What Pub/Sub introduces is loose coupling, the publisher doesn’t need to know who are the clients or how many are they. Neither the subscribers need to know about publishers or other subscribers. If one fails the other ones will keep working normaly.

On the other hand this decoupling also presents as its disadvantage, mainly because the publisher and subscribers don’t have any guarantee that everything is working, there is no guarantee that subscribers will be notified neither publishers have the guarantee that anyone is listening.

Event though I think the advantages are much more valuable than the disadvantage, however, the Pub/Sub pattern doesn’t apply to every application, and there are situations more suitable than others.

For instance, this pattern is commonly used on MVC applications (or some variation), where the View subscribes to changes on the models, and react properly when the Model notifies about its changes.

Normaly Javascript frameworks and libraries, and not necessarly MVC frameworks, implement this pattern and lets you use it out of the box, for instance, if you are using jQuery you can use Custom Events.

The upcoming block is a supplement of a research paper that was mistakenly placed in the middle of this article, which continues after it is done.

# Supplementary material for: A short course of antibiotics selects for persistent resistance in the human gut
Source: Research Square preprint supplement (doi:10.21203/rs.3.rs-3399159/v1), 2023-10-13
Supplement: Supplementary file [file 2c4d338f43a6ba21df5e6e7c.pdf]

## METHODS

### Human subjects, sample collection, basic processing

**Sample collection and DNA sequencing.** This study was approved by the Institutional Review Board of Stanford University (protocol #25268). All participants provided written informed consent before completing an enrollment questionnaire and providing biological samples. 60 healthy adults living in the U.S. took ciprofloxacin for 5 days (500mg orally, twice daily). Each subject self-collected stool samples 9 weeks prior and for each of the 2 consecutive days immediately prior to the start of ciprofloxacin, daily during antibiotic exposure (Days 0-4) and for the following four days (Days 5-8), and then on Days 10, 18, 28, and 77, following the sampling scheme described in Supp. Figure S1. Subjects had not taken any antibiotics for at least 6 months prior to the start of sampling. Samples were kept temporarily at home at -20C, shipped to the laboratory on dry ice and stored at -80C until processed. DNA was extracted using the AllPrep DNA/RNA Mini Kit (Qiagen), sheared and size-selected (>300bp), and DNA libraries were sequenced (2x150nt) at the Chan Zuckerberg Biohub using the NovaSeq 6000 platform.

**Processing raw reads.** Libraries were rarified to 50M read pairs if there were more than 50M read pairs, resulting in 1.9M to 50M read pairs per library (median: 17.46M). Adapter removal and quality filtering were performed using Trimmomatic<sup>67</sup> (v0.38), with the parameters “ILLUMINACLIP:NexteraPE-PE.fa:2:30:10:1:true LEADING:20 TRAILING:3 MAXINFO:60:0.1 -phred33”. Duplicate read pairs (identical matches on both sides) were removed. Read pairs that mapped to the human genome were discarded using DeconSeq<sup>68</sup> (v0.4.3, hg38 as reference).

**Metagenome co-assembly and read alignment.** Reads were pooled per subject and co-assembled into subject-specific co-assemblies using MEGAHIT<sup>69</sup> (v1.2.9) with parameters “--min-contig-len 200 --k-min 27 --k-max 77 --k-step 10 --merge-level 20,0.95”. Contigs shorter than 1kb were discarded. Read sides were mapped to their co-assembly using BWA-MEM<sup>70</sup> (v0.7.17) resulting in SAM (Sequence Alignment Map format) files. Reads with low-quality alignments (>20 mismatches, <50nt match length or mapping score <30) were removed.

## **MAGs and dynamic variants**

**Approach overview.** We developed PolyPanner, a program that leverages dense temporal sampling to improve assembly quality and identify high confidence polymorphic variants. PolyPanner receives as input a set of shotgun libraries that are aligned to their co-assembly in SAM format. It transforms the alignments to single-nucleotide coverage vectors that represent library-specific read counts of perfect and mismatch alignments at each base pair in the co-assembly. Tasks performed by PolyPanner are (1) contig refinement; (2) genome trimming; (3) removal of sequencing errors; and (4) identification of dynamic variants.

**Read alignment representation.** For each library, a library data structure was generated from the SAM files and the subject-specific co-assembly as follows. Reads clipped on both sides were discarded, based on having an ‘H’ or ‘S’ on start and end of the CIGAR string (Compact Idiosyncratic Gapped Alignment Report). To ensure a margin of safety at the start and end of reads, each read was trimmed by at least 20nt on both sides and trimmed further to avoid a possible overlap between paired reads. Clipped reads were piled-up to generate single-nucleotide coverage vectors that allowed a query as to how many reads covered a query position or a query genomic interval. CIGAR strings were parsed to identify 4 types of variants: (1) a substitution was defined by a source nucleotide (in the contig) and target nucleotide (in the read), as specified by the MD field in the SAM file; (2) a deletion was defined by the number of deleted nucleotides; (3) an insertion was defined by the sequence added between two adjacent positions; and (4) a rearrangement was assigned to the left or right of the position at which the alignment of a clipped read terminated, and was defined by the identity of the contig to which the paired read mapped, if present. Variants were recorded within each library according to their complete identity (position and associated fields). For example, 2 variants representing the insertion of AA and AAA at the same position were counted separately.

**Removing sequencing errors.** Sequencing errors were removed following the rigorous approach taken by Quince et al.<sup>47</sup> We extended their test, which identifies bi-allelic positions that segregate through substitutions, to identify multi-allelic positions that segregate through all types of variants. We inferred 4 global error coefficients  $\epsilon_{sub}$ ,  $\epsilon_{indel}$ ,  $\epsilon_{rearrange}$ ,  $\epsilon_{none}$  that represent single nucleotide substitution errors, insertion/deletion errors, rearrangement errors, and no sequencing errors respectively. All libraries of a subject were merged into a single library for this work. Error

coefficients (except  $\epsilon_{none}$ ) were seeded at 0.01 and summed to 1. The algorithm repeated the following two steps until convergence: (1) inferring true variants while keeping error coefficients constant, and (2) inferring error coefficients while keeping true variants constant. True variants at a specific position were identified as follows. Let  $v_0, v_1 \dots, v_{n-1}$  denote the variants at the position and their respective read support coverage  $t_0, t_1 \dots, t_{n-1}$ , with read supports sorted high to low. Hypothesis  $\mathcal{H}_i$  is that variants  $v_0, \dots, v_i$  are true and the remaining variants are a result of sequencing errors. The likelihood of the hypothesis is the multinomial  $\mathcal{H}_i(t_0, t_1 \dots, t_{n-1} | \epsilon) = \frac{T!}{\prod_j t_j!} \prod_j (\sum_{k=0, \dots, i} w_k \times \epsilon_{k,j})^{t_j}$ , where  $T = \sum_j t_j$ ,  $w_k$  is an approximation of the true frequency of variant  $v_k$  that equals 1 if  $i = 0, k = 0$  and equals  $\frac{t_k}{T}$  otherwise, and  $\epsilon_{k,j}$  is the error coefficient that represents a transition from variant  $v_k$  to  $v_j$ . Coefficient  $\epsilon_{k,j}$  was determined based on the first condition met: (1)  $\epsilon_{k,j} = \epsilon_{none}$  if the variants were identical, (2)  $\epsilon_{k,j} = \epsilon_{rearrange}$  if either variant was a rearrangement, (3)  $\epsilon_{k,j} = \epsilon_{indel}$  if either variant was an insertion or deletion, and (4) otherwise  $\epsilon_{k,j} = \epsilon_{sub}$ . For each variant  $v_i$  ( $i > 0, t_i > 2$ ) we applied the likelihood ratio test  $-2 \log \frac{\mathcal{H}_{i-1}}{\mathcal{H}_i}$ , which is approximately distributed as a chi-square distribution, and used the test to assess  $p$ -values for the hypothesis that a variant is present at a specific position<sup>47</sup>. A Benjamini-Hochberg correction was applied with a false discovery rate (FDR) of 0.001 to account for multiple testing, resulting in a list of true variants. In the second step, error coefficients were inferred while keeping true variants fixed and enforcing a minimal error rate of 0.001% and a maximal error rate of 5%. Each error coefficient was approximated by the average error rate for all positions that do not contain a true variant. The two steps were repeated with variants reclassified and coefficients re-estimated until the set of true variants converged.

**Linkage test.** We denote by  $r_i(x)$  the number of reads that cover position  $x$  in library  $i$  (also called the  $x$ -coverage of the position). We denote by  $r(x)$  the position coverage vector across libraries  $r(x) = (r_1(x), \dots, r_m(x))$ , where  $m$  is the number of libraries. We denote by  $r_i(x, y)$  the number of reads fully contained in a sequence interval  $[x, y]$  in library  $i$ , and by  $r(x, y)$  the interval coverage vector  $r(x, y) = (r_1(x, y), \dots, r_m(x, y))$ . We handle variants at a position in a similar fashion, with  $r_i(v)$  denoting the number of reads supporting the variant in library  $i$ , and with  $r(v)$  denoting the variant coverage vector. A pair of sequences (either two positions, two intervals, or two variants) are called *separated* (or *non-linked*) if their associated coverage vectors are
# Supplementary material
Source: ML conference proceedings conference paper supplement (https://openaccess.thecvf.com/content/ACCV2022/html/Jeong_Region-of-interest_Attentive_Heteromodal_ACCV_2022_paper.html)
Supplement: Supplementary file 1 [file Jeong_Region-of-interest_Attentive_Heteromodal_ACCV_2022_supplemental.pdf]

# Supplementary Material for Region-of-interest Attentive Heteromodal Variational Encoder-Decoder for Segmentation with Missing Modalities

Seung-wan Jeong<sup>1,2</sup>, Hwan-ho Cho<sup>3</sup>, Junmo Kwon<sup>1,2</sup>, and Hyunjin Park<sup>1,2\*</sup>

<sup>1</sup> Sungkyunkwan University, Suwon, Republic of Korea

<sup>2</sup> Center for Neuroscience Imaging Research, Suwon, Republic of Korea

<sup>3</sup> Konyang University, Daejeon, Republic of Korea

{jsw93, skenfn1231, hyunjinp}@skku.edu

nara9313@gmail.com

However, I want to show how easy is to implement your own version of Pub/Sub so that you understand even better what happens.

Below you can see my tiny implementation and I hope the code and comments will be self explanatory.

* Pub/Sub implementation

var pubsub = (function () {

 // store events subscribed
 // events = { eventName : [callback1, callback2, ...] }
 var events = {};

 // publish the event with the specified data
 function publish(eventID, data) {

   if (!events[eventID]) {

   var len = events[eventID].length;

   while (len--) {


 // subscribe to an event
 // passing the event name and the callback function
 function subscribe(eventID, callback) {

   if (!events[eventID]) {
     events[eventID] = [callback];
   } else {

   // returns eventID and the position index on the array
   // so that can be unsubscribed if needed
   return {
     eventID : eventID,
     index : events[eventID].length - 1

 // unsubscribe from an event passing the returned data got upon subscription
 function unsubscribe(subscription) {